Half Acre Beer Company TweetUp

By scot in Beer, Lounge on Wednesday, March 21st, 2012

I have heard of a meetup but never a tweetup. When Rich told me a week or so ago to sign up for a tweetup over at Half Acre Beer Company, I googled the term to get an idea of what a tweetup could be. I have to admit that I was skeptical: was this going to be a bunch of twitter nerds that think they know something about beer?

Rich picked me up from work and we headed for Half Acre, arriving shortly after go time: 5:30pm. There were 15 or so people already at the event. I recgonized no one, nor did I expect too. Around 6:00pm, Gabriel, the owner of Half Acre, welcomed everyone to event. He continued that the entire staff was on hand to answer questions, give tours, that the entire brewery was open, and all the beer was on the house. Yep, that’s the Half Acre mantality that I have grown to appreciate in their time on the Chicago scene.

A version of Over Ale that had been aged four months on rye bourbon barrels and never releasesd, was on tap. Others included Chocolate Camaro, The Hammer, The Bullet & The Vise, and Callow Knife. Chocolate Camaro was a very seasonable stout (<5%). Call Knife was a seasonable American Pale Ale that had nice addition of Citra hops.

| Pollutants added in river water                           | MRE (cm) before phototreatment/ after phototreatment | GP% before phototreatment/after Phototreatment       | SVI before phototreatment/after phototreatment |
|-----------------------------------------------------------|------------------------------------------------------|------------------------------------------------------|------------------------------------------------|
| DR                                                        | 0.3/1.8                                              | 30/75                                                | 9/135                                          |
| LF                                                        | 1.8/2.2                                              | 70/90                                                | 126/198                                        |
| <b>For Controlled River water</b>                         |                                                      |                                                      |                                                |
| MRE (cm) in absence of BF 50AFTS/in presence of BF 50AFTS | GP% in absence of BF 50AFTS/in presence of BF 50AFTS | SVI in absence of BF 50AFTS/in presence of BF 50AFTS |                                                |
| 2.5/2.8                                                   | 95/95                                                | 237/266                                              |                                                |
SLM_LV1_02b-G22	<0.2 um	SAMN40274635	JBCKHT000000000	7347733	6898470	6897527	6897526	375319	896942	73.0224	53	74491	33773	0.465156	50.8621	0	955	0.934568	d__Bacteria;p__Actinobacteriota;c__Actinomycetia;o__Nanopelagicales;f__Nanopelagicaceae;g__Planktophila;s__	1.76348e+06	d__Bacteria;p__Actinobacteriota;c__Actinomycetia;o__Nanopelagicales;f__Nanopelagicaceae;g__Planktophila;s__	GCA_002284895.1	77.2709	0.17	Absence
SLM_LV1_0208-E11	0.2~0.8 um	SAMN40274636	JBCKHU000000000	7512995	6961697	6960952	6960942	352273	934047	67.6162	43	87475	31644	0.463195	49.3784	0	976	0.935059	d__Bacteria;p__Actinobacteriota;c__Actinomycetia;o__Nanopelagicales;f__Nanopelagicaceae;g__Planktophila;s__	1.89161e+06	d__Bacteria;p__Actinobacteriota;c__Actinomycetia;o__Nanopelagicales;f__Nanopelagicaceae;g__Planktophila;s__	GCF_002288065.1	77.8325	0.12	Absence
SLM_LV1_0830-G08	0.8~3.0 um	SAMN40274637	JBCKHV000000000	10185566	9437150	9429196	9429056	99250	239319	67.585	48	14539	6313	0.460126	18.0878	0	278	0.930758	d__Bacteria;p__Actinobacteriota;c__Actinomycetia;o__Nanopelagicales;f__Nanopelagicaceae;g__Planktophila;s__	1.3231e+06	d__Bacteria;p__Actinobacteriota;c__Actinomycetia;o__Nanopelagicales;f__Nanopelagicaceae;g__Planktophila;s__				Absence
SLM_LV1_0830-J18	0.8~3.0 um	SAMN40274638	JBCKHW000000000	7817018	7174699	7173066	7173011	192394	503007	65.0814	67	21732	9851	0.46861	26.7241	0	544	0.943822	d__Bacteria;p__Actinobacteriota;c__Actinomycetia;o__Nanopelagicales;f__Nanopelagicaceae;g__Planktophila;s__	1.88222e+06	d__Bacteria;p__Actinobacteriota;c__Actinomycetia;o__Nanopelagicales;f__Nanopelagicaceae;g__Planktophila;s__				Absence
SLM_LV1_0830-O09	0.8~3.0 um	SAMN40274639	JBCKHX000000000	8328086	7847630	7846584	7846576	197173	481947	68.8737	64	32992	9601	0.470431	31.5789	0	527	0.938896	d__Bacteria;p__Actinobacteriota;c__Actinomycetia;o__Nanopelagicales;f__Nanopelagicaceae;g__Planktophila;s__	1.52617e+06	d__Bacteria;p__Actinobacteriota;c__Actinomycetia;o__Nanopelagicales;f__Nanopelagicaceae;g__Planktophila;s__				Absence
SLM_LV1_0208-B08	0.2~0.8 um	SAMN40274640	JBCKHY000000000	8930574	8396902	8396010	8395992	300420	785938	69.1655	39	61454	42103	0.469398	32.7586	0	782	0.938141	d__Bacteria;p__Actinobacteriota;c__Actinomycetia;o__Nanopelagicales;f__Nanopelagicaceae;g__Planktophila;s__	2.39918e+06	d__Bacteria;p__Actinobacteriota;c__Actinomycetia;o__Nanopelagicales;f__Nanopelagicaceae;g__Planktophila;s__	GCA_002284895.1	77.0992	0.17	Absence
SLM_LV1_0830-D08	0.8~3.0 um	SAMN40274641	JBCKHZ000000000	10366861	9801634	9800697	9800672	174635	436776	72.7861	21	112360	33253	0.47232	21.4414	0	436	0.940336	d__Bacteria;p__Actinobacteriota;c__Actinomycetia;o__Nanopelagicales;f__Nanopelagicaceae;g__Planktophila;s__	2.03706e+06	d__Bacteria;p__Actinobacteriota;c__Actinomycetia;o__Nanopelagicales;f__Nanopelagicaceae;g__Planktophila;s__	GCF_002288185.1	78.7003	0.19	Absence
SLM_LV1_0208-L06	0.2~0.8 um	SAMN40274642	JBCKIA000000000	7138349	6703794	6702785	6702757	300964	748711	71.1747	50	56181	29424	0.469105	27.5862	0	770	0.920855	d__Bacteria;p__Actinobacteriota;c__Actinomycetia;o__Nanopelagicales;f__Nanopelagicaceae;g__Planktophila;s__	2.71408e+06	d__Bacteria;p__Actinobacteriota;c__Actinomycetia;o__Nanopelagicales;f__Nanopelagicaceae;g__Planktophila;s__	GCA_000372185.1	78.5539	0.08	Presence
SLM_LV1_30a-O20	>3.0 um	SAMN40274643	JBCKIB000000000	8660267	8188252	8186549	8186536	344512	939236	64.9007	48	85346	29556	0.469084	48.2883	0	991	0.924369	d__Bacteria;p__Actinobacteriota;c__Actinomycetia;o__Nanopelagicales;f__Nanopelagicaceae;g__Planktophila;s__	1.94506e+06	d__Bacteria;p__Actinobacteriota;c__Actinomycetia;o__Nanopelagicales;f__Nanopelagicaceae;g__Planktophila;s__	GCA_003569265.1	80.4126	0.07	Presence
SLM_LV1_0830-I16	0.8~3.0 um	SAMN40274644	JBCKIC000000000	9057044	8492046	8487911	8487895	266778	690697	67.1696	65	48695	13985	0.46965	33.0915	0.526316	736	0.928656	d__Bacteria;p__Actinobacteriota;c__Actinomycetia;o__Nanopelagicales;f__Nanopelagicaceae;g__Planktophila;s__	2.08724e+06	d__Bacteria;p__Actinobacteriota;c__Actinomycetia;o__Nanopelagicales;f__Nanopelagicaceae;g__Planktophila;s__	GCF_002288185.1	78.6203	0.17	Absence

During the brief opening talk, Gabriel talked about the addition of a brew pub that was in the works. The space joins the brewery on the other side of the current front-end area and is only on the clearing out end stages. They would like to have the space open for customers in July but understand it could be much later this year.

It was nice to see and talking brewing with Bryan Shimkos. He is a great guy and always has time for us beer geeks.

All-in-all my first tweetup was a blast: meeting some local beer geeks, having some quality beers, learning more about Half Acre, and, most importantly, the gracious hosts and staff members of Half Acre. I am looking forward to the next. Enjoy!

Useless Fact: Spiders never spin webs in structures made of chestnut wood. That is why so many European Chateux were built with chestnut beams—spider webs on a 50 foot beamed ceiling can be difficult to clean!

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